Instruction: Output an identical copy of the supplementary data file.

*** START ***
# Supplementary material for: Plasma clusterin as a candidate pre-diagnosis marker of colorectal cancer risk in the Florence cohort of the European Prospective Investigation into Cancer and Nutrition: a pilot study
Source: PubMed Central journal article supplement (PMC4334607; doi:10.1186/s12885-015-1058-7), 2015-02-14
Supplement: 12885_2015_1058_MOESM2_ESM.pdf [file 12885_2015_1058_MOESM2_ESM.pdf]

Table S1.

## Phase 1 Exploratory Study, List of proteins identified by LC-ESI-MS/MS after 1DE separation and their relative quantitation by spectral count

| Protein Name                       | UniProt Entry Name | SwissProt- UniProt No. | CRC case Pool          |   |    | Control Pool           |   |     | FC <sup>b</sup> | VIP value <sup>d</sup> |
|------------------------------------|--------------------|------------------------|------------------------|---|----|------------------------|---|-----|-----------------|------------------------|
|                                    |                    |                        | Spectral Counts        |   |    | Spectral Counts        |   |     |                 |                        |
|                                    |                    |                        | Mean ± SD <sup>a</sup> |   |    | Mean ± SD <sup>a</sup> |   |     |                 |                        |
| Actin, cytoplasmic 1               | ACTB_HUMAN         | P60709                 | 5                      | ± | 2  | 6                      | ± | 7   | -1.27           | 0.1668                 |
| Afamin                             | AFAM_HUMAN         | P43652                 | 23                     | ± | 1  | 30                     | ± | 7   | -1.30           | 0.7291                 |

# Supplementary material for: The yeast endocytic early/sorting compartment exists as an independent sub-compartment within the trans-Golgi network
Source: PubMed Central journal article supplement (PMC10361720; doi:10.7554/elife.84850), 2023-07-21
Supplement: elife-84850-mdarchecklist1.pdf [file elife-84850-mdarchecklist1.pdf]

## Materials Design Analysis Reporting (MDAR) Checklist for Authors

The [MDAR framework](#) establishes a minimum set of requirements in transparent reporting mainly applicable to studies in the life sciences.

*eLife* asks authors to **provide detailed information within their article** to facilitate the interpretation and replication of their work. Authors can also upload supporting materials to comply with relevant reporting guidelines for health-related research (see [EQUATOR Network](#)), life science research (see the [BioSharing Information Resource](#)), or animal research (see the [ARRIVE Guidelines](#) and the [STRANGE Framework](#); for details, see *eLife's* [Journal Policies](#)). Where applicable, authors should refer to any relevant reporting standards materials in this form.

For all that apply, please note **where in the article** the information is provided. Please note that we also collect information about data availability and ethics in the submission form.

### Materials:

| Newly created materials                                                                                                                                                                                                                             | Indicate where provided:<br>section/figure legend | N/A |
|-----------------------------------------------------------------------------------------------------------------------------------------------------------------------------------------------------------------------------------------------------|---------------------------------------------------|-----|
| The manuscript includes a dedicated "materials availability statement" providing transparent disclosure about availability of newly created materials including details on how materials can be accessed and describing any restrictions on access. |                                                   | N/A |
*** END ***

# Supplementary material for: Plasma clusterin as a candidate pre-diagnosis marker of colorectal cancer risk in the Florence cohort of the European Prospective Investigation into Cancer and Nutrition: a pilot study
Source: PubMed Central journal article supplement (PMC4334607; doi:10.1186/s12885-015-1058-7), 2015-02-14
Supplement: 12885_2015_1058_MOESM2_ESM.pdf [file 12885_2015_1058_MOESM2_ESM.pdf]

Table S1.

## Phase 1 Exploratory Study, List of proteins identified by LC-ESI-MS/MS after 1DE separation and their relative quantitation by spectral count

| Protein Name                       | UniProt Entry Name | SwissProt- UniProt No. | CRC case Pool          |   |    | Control Pool           |   |     | FC <sup>b</sup> | VIP value <sup>d</sup> |
|------------------------------------|--------------------|------------------------|------------------------|---|----|------------------------|---|-----|-----------------|------------------------|
|                                    |                    |                        | Spectral Counts        |   |    | Spectral Counts        |   |     |                 |                        |
|                                    |                    |                        | Mean ± SD <sup>a</sup> |   |    | Mean ± SD <sup>a</sup> |   |     |                 |                        |
| Actin, cytoplasmic 1               | ACTB_HUMAN         | P60709                 | 5                      | ± | 2  | 6                      | ± | 7   | -1.27           | 0.1668                 |
| Afamin                             | AFAM_HUMAN         | P43652                 | 23                     | ± | 1  | 30                     | ± | 7   | -1.30           | 0.7291                 |

# Supplementary material for: The yeast endocytic early/sorting compartment exists as an independent sub-compartment within the trans-Golgi network
Source: PubMed Central journal article supplement (PMC10361720; doi:10.7554/elife.84850), 2023-07-21
Supplement: elife-84850-mdarchecklist1.pdf [file elife-84850-mdarchecklist1.pdf]

## Materials Design Analysis Reporting (MDAR) Checklist for Authors

The [MDAR framework](#) establishes a minimum set of requirements in transparent reporting mainly applicable to studies in the life sciences.

*eLife* asks authors to **provide detailed information within their article** to facilitate the interpretation and replication of their work. Authors can also upload supporting materials to comply with relevant reporting guidelines for health-related research (see [EQUATOR Network](#)), life science research (see the [BioSharing Information Resource](#)), or animal research (see the [ARRIVE Guidelines](#) and the [STRANGE Framework](#); for details, see *eLife's* [Journal Policies](#)). Where applicable, authors should refer to any relevant reporting standards materials in this form.

For all that apply, please note **where in the article** the information is provided. Please note that we also collect information about data availability and ethics in the submission form.

### Materials:

| Newly created materials                                                                                                                                                                                                                             | Indicate where provided:<br>section/figure legend | N/A |
|-----------------------------------------------------------------------------------------------------------------------------------------------------------------------------------------------------------------------------------------------------|---------------------------------------------------|-----|
| The manuscript includes a dedicated "materials availability statement" providing transparent disclosure about availability of newly created materials including details on how materials can be accessed and describing any restrictions on access. |                                                   | N/A |